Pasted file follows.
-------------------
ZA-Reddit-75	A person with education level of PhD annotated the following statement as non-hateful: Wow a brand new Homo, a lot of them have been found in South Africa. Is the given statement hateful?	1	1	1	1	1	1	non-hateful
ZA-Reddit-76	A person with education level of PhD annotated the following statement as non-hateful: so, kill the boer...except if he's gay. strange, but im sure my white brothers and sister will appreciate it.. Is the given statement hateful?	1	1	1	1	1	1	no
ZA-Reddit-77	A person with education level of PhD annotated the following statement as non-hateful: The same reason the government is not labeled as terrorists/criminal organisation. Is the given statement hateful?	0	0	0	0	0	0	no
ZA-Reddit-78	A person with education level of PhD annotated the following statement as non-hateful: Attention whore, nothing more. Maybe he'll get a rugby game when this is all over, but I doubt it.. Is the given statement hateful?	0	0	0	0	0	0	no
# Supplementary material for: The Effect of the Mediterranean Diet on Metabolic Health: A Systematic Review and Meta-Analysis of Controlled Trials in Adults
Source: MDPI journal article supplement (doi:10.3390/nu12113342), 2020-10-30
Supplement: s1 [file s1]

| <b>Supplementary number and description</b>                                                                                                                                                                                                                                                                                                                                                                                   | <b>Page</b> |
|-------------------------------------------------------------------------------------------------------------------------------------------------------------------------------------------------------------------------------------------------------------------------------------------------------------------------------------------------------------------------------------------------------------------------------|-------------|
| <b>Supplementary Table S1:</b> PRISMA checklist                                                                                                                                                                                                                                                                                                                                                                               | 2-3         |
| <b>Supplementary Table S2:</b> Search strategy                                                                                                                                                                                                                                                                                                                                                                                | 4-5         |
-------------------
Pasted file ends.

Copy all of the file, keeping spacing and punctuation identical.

ZA-Reddit-75	A person with education level of PhD annotated the following statement as non-hateful: Wow a brand new Homo, a lot of them have been found in South Africa. Is the given statement hateful?	1	1	1	1	1	1	non-hateful
ZA-Reddit-76	A person with education level of PhD annotated the following statement as non-hateful: so, kill the boer...except if he's gay. strange, but im sure my white brothers and sister will appreciate it.. Is the given statement hateful?	1	1	1	1	1	1	no
ZA-Reddit-77	A person with education level of PhD annotated the following statement as non-hateful: The same reason the government is not labeled as terrorists/criminal organisation. Is the given statement hateful?	0	0	0	0	0	0	no
ZA-Reddit-78	A person with education level of PhD annotated the following statement as non-hateful: Attention whore, nothing more. Maybe he'll get a rugby game when this is all over, but I doubt it.. Is the given statement hateful?	0	0	0	0	0	0	no
# Supplementary material for: The Effect of the Mediterranean Diet on Metabolic Health: A Systematic Review and Meta-Analysis of Controlled Trials in Adults
Source: MDPI journal article supplement (doi:10.3390/nu12113342), 2020-10-30
Supplement: s1 [file s1]

| <b>Supplementary number and description</b>                                                                                                                                                                                                                                                                                                                                                                                   | <b>Page</b> |
|-------------------------------------------------------------------------------------------------------------------------------------------------------------------------------------------------------------------------------------------------------------------------------------------------------------------------------------------------------------------------------------------------------------------------------|-------------|
| <b>Supplementary Table S1:</b> PRISMA checklist                                                                                                                                                                                                                                                                                                                                                                               | 2-3         |
| <b>Supplementary Table S2:</b> Search strategy                                                                                                                                                                                                                                                                                                                                                                                | 4-5         |